SimCity just doesn't need to be online all the time. Almost two weeks playing the game have convinced me of this. The measly benefits you get from it (connection to the 'Global Market', for one) are not worth the potential trouble the DRM system requires. Say, for instance, I want to take my laptop with me to my grandparent's place in Cork. No internet, no game. Reliable broadband is simply not a consistent enough feature in our daily lives to be able to mount a game like this. It's a seemingly minor issue, but should my internet fail, I'll have no way to pay the game I paid premium price for. I don't feel like I own SimCity. I feel like I'm renting it from EA, who apparently have the right to shut off my access whenever they feel the need to. Even the multiplayer elements of the game, wherein you and your friends co-operatively build your own region of cities, is not integral to the overall game. It could have easily been given its own mode without affecting an offline single player element.
This DRM model and the chaos it has caused is not, in and of itself, what worries me. As I said at the start, while annoying, it is still manageable. It is instead the precedent it represents for the industry. While the launch has been an almost unparalleled publicity disaster for EA and Maxis, it still has not forced them to do a full u-turn. SimCity remains an online only game. No single-player mode seems to be forth coming, whether as a free update or more likely (this is EA we're talking about) paid DLC. Both companies have rode the tidal wave of negativity remarkably well, with a combination of humility, free stuff and an admittedly admirable social media update campaign mollifying players into waiting quasi patiently as they no doubt feverishly added more servers behind the scenes. If online-only is to quote Leonardo DiCaprio's Howard Hughes "they way of the future", then I'm very content to shove Mr Hughes into a shed where he can't do any damage. I don't want to have to add an extra two weeks to the launch of a game just because I know the server stampede is going to make it unplayable. That might sound like the biggest First World Problem ever, but think about it. You're not able to use the product you paid your money for because the service the seller has put in place is wholly inadequate, or not all aspects of the product can cope with demand. It's like buying a book that won't actually open for the first few weeks you own it, and when it does you find missing pages and have to wait until the publisher delivers them to you.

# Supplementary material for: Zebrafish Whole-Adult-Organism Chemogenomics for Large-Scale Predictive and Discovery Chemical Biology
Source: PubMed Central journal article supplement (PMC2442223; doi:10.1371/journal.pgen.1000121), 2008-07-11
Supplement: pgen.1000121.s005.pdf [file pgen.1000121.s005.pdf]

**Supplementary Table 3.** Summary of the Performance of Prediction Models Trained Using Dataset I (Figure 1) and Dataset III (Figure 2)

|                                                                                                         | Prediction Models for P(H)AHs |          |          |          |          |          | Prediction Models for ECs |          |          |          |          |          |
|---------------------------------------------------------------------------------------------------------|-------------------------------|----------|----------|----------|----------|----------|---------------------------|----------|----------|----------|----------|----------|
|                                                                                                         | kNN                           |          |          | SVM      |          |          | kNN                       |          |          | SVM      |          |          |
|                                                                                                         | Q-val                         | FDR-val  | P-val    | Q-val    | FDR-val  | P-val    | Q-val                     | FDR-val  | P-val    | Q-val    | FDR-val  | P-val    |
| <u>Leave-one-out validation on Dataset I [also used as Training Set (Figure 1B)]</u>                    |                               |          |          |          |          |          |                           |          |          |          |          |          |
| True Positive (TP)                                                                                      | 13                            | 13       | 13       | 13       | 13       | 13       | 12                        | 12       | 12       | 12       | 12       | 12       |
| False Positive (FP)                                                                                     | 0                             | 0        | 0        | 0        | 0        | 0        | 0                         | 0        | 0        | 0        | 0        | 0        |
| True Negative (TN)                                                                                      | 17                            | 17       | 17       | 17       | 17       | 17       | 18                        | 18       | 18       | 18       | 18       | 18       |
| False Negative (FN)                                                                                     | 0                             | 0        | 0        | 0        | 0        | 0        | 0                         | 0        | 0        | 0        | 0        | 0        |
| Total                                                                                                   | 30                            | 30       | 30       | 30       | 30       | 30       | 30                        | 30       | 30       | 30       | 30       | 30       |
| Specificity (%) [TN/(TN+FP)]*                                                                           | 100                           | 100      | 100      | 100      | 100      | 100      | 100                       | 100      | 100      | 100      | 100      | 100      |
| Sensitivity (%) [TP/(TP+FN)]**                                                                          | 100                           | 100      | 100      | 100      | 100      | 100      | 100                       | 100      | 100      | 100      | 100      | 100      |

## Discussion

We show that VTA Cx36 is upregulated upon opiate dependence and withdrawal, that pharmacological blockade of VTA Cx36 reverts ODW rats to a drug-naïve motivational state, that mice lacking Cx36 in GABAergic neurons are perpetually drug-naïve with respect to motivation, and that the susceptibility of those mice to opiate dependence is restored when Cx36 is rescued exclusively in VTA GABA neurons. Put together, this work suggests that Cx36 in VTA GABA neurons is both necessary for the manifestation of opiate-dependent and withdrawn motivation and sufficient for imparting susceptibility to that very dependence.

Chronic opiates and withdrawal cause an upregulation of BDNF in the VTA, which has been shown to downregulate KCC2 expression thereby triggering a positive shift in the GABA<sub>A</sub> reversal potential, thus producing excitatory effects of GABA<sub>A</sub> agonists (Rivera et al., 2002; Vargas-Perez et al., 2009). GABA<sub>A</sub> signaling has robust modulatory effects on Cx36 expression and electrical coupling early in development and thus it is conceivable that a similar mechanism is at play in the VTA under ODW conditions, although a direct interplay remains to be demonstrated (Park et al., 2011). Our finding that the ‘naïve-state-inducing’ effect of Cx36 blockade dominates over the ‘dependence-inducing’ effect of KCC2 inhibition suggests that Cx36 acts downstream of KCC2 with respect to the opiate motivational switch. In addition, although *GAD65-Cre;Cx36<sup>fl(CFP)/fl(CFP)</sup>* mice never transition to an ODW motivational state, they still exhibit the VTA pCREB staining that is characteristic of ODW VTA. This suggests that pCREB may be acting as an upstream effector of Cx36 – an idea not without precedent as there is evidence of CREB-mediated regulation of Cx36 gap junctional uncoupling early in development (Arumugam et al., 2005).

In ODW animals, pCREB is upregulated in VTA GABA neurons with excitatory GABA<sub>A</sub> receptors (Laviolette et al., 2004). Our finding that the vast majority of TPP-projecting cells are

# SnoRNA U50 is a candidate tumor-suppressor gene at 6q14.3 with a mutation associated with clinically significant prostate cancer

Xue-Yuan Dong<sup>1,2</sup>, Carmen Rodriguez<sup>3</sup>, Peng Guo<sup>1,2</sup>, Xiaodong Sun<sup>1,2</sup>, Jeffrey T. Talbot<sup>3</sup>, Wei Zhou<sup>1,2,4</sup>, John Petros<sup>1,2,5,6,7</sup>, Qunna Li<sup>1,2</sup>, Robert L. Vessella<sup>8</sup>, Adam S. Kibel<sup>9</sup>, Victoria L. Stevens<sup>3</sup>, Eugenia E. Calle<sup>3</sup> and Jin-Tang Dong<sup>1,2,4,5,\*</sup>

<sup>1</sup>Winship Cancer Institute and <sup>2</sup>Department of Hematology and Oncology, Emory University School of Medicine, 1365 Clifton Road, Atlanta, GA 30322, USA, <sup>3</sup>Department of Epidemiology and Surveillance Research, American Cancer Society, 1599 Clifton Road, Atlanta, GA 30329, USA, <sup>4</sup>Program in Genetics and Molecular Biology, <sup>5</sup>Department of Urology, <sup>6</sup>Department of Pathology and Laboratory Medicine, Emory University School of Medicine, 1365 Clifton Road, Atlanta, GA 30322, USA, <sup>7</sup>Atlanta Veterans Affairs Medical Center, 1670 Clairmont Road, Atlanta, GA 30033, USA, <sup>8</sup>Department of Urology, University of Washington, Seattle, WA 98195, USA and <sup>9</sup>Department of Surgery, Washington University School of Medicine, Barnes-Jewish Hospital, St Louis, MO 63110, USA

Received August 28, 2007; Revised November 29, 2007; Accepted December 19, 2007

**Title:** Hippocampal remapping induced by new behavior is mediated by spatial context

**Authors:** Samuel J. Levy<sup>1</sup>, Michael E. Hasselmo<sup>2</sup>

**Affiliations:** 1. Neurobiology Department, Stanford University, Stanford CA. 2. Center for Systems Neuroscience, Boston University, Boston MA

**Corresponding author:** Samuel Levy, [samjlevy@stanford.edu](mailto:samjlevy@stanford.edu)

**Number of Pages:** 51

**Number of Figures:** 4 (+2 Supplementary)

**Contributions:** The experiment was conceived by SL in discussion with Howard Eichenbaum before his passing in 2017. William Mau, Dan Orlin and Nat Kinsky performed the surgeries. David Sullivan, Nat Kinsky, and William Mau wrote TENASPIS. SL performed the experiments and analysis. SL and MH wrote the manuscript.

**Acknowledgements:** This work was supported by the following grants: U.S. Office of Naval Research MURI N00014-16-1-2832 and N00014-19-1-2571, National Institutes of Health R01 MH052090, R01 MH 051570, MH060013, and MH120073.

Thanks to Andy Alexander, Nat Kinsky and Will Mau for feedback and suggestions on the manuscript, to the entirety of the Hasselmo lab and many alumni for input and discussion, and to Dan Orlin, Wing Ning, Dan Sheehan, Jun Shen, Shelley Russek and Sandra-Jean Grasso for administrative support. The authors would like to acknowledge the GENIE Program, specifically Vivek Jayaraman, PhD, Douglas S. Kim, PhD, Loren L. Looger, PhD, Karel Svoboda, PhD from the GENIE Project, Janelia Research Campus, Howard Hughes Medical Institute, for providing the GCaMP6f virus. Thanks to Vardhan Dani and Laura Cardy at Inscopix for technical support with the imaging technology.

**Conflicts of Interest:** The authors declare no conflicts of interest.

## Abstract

We're judging progress by how quickly a company can recover from an always-online launch. This. Is. Not. Good. This debacle shows that little to no progress has been made in this area since, for example, Diablo's launch, yet this still seems to be the paradigm being actively pursued. The internet is making publishers lazy. Better to rush out an incomplete game, weather the storm, and patch it later. We can't measure how well a release went because it was less terrible than then last. This is not the standard we should hold the industry. Demanding products that are complete and work on launch is our right as consumers. We can't breathe a sigh of relief if the game we've been anticipating is merely functional as opposed to fully and totally operational upon it's release. It won't do. It sets a terrible precedent. And it will allow publisher's like EA to continue walking all over its consumer base.
The sad fact is that SimCity is genuinely good game, at its core. Sure, the city sizes can be maddening, and then there's all the stuff I just wrote, but its still bright, fun, deep, wholly enjoyable and insanely addictive. The example it sets, however, is deeply worrying.